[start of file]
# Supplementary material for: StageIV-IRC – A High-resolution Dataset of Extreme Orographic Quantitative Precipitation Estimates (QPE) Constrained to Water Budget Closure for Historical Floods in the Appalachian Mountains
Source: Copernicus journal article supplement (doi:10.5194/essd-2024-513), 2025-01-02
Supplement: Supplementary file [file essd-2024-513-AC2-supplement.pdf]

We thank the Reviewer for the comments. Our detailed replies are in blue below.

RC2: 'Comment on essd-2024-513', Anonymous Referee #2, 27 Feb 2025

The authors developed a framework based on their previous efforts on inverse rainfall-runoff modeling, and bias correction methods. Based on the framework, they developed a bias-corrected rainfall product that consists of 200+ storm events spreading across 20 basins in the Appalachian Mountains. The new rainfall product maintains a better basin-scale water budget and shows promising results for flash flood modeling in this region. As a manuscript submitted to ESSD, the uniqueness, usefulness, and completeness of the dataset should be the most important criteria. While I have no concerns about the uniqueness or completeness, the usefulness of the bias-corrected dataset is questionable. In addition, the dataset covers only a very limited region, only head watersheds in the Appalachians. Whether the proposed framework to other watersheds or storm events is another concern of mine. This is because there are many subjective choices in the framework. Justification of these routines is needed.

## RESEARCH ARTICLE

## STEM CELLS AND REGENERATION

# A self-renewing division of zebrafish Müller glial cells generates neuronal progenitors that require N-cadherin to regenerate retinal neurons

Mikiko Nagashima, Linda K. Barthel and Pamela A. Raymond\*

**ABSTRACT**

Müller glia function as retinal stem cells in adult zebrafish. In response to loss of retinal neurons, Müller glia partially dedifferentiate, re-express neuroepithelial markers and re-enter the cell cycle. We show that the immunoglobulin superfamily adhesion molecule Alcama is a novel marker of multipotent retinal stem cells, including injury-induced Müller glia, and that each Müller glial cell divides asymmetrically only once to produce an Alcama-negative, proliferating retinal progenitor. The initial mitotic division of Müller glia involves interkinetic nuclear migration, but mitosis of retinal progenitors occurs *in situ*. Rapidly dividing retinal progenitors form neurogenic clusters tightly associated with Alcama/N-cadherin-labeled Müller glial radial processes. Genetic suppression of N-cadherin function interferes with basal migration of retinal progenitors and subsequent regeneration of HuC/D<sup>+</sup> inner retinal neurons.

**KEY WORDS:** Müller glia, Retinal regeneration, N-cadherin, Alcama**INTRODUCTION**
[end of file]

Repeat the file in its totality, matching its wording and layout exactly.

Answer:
# Supplementary material for: StageIV-IRC – A High-resolution Dataset of Extreme Orographic Quantitative Precipitation Estimates (QPE) Constrained to Water Budget Closure for Historical Floods in the Appalachian Mountains
Source: Copernicus journal article supplement (doi:10.5194/essd-2024-513), 2025-01-02
Supplement: Supplementary file [file essd-2024-513-AC2-supplement.pdf]

We thank the Reviewer for the comments. Our detailed replies are in blue below.

RC2: 'Comment on essd-2024-513', Anonymous Referee #2, 27 Feb 2025

The authors developed a framework based on their previous efforts on inverse rainfall-runoff modeling, and bias correction methods. Based on the framework, they developed a bias-corrected rainfall product that consists of 200+ storm events spreading across 20 basins in the Appalachian Mountains. The new rainfall product maintains a better basin-scale water budget and shows promising results for flash flood modeling in this region. As a manuscript submitted to ESSD, the uniqueness, usefulness, and completeness of the dataset should be the most important criteria. While I have no concerns about the uniqueness or completeness, the usefulness of the bias-corrected dataset is questionable. In addition, the dataset covers only a very limited region, only head watersheds in the Appalachians. Whether the proposed framework to other watersheds or storm events is another concern of mine. This is because there are many subjective choices in the framework. Justification of these routines is needed.

## RESEARCH ARTICLE

## STEM CELLS AND REGENERATION

# A self-renewing division of zebrafish Müller glial cells generates neuronal progenitors that require N-cadherin to regenerate retinal neurons

Mikiko Nagashima, Linda K. Barthel and Pamela A. Raymond\*

**ABSTRACT**

Müller glia function as retinal stem cells in adult zebrafish. In response to loss of retinal neurons, Müller glia partially dedifferentiate, re-express neuroepithelial markers and re-enter the cell cycle. We show that the immunoglobulin superfamily adhesion molecule Alcama is a novel marker of multipotent retinal stem cells, including injury-induced Müller glia, and that each Müller glial cell divides asymmetrically only once to produce an Alcama-negative, proliferating retinal progenitor. The initial mitotic division of Müller glia involves interkinetic nuclear migration, but mitosis of retinal progenitors occurs *in situ*. Rapidly dividing retinal progenitors form neurogenic clusters tightly associated with Alcama/N-cadherin-labeled Müller glial radial processes. Genetic suppression of N-cadherin function interferes with basal migration of retinal progenitors and subsequent regeneration of HuC/D<sup>+</sup> inner retinal neurons.

**KEY WORDS:** Müller glia, Retinal regeneration, N-cadherin, Alcama**INTRODUCTION**